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DavidSubarHS1 (2).jpg
I'm David Subar,
Managing Partner of Interna.


We enable technology companies to ship better products faster, to achieve product-market fit more quickly, and to deploy capital more efficiently.


You might recognize some of our clients. They range in size from small, six-member startups to the Walt Disney Company. We've helped companies such as Pluto on their way to a $340MM sale to Viacom, and on their path to a $1.5B sale to Linkedin.

Maximizing Impact: The Blueprint for Building Successful Value-Driven Teams

Recently I was interviewed by Steve Preda, host of the Management Blueprint Podcast, we delved into topics like iterative learning, strategic alignment, customer value creation, and the application of the Lean Startup model. The discussion provided insights into adapting products, whether in software or traditional services.

We discussed building with an experimental mindset, embracing mistakes for learning while aligning with strategic goals. Measurable objectives were stressed, with the concept of an "epic statement" guiding efforts and measuring success.

We also discussed the agility difference between software and hardware development and how the Lean Startup approach is not exclusive to software. It was shown how the model can be applied to other industries like a house cleaning service, promoting quick releases, testing, and value-centered iterations.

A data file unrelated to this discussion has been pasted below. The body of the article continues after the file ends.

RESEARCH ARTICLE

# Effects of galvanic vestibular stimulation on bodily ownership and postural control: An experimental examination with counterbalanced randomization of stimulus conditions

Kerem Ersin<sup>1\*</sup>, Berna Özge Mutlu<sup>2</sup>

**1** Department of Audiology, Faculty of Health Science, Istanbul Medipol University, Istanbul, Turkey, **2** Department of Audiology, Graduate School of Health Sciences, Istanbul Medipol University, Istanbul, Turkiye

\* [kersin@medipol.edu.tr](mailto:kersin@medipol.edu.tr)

The challenge of statistical significance in small businesses was addressed, with David highlighting the importance of trends and customer reactions even with limited data.

The conversation concluded with the focus on aligning with customer value and company objectives. David encouraged quick releases, learning, and continuous improvement, offering his willingness to help others understand these concepts.

The discussion provided valuable insights into aligning business strategy with measurable objectives through iterative learning, customer value, and the adaptable Lean Startup model. These principles, irrespective of the industry, can guide businesses towards innovation, growth, and strategic alignment.


[00:00:05.010] - Steve

Good day, dear listeners. Steve Preda here with the Management Blueprint podcast. And today's guest is David Subar, the founder of Internal, which enables technology companies to ship better products, plan and execute successful product road maps, and achieve product market fit more rapidly, and deploy capital more efficiently. David, welcome to the show.

[00:00:29.430] - David

Thank you. Thanks for having me, Steve.